Since August 24, when the first cases of community transmission of the coronavirus were discovered in the Strip, its schools and daycare centers have been closed. About 575,000 children and teenagers in Gaza had returned to school just two weeks prior, after an initial five-month lockdown imposed in March, only to have schools close down once again.
Gaza’s education system, like those across the globe, has had to contend with the challenges of remote learning, but living conditions in the Strip are far from conducive: Most students do not have access to computers, steady supply of electricity or stable internet connection.
Osama Younes, who is in charge of remote learning in the Palestinian Ministry of Education in Gaza, described the challenge students face in participating in online lessons: “Thousands of Gaza students are left without educational, pedagogic solutions. This is going to create huge gaps in knowledge that will be very difficult to bridge.”
Gaza still has no access to 3G data services, which have been available around the world for at least 15 years, let alone the 4G or 5G networks available in Israel. These advanced networks allow for faster upload and download of information and enable streaming of complex content on cell phones. They can also supply internet to laptop and desktop computers. “Israel refuses to allow equipment required for advanced data networks to enter the Strip,” explains Mohammed Abu Nahleh, director of Paltel Telecommunications in Gaza. “Right now, the internet is the main tool relied on by the education system. It’s also Gaza’s only window to the outside world.”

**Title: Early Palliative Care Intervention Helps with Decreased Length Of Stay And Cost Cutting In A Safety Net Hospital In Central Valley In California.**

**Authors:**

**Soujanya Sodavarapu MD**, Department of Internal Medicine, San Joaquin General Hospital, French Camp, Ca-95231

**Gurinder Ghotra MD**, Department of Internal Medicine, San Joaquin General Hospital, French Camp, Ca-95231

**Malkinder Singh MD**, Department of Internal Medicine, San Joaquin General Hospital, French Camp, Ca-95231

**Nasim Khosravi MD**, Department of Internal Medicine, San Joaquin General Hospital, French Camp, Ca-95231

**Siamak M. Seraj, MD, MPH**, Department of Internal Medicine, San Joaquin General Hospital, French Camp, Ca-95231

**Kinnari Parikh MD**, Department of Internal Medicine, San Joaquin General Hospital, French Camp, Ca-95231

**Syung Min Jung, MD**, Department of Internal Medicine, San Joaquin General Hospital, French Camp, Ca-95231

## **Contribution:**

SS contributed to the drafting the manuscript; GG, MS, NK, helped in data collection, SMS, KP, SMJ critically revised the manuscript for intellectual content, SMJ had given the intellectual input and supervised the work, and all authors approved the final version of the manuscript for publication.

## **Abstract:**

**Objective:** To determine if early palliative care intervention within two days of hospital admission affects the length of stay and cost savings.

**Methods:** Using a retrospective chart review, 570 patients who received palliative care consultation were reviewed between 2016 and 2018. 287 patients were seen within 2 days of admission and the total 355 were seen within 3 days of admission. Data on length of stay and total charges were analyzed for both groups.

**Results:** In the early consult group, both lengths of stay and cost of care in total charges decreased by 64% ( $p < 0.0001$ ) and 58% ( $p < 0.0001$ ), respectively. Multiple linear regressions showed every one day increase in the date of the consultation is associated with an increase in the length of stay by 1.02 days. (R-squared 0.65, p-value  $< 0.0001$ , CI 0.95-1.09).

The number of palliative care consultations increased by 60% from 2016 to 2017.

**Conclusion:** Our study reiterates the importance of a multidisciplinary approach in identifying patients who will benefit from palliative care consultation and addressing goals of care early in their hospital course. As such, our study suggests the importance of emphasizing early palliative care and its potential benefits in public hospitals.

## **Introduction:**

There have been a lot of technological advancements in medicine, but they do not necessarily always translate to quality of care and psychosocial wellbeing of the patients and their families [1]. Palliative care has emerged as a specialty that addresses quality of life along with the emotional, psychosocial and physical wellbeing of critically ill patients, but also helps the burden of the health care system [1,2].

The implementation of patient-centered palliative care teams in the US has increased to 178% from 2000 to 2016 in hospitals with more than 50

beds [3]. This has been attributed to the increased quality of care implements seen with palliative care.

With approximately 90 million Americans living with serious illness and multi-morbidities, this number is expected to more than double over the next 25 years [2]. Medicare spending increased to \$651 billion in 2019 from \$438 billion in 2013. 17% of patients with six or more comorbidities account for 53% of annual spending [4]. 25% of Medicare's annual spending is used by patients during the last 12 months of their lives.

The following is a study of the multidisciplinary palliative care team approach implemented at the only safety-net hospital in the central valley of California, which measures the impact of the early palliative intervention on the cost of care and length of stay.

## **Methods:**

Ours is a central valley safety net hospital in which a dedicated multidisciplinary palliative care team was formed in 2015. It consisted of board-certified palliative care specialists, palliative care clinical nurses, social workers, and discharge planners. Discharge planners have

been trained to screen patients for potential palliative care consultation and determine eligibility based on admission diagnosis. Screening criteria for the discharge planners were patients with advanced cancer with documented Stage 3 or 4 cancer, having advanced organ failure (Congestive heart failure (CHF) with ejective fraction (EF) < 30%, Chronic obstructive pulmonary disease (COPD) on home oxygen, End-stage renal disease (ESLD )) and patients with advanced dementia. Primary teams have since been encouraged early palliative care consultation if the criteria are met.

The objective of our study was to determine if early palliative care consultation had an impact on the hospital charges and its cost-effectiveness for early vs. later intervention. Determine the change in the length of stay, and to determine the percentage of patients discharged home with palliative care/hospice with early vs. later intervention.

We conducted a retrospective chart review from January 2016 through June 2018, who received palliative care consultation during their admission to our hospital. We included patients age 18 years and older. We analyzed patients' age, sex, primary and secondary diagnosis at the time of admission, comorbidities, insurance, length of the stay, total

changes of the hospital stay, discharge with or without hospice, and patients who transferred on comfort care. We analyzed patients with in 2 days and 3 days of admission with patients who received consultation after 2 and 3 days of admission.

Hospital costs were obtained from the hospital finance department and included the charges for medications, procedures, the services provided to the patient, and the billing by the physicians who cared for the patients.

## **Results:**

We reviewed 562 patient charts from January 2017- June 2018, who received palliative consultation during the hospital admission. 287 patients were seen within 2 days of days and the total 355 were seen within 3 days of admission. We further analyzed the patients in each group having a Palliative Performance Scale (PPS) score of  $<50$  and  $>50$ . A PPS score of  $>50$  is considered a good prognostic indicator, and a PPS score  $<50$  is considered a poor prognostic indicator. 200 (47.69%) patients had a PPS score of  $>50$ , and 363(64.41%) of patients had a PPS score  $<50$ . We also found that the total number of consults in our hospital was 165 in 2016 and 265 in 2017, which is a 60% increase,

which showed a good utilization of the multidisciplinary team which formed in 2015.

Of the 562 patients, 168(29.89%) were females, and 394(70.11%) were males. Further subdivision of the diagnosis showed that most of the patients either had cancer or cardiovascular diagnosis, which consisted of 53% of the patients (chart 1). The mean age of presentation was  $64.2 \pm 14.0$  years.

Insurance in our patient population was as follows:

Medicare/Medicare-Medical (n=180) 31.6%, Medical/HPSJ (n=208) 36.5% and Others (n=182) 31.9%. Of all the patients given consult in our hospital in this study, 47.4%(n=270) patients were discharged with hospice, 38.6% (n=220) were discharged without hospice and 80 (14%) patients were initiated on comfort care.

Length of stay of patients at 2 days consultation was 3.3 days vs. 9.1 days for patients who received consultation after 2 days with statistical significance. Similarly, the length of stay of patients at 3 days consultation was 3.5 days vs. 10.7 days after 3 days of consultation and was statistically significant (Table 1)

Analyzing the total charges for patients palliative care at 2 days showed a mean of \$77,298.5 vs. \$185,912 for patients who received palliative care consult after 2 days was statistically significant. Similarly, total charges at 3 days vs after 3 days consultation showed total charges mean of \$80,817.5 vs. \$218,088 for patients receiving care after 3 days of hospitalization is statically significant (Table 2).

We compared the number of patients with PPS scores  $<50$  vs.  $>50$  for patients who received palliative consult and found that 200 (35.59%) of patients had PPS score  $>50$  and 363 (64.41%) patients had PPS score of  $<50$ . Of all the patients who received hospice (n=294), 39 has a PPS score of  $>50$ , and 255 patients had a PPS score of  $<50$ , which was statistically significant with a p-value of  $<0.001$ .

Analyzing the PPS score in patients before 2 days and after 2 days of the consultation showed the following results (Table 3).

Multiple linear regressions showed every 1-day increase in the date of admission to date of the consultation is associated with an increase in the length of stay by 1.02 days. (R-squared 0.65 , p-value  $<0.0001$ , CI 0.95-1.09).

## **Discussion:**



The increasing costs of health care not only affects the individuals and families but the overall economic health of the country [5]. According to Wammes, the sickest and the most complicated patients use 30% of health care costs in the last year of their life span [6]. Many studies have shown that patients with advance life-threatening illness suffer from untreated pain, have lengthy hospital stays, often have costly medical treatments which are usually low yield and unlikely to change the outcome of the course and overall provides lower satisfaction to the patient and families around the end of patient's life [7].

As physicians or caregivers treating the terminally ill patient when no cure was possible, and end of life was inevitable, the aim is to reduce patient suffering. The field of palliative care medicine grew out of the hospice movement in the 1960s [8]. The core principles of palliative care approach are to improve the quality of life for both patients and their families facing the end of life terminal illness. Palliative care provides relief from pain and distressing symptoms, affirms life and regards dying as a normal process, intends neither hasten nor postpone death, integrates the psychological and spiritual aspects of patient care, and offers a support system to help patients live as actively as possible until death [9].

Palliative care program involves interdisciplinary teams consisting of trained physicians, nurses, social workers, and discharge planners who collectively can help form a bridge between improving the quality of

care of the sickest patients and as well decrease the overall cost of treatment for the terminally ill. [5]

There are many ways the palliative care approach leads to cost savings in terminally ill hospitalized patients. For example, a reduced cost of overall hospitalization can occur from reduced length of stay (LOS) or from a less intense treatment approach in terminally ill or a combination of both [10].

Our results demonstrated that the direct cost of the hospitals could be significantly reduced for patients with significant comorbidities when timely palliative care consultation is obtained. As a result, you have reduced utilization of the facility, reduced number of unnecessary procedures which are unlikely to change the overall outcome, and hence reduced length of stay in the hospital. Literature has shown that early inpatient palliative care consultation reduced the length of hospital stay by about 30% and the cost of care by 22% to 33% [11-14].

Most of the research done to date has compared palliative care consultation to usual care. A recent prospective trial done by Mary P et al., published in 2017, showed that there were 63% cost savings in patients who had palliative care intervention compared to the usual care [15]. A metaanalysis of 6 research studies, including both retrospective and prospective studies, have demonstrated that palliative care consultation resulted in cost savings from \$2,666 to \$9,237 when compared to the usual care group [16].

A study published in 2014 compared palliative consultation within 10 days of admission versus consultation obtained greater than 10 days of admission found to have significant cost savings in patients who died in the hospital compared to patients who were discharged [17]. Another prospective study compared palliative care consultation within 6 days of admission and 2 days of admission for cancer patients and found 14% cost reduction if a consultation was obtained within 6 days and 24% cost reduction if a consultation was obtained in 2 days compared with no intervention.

According to the Palestinian Central Bureau of Statistics (Arabic), only 30 percent of households in Gaza have a computer, while 73 percent have a basic internet connection, used for computers or smart phones. According to a June 2020 report by the Palestinian NGO Network, Gaza’s internet network crashes more than ten times per hour on average.
Abeer Mohammed, an Arabic language teacher at a junior high school in the Shujaiya District, says only 50 of her 200 students attend her virtual classes. “Families in Gaza have many children,” she explains, “it’s impossible to make sure all the students have access to computers and an internet connection.” Islam Atamnah, an eleventh-grader, says he doesn’t have a computer or internet at home. “I don’t know what they’re learning at school, which makes me sad and worried about my future.”
This week, the local authorities allowed high school students due to take their matriculation exams to return to school for some days of the week while other students continue classes remotely, if they can. The Ministry of Education expressed hope that all students will be able to return to school in the coming months.
The challenges of remote learning in Gaza, where access to electricity, internet and computer technology are by no means a given, are another result of restrictions imposed by Israel. Among other factors, the closure on Gaza has eroded the economy to the point that most residents can’t afford a single computer, let alone multiple devices. A chronic shortage of electricity affects power supply and internet connection. Combined with the reality of the pandemic and the need for social distancing, Gaza’s young residents again find themselves paying a price for a reality over which they have no control. Israel must stop blocking the upgrade of Palestinian infrastructure and allow communications equipment to enter the Strip, including in order to support remote learning at this time.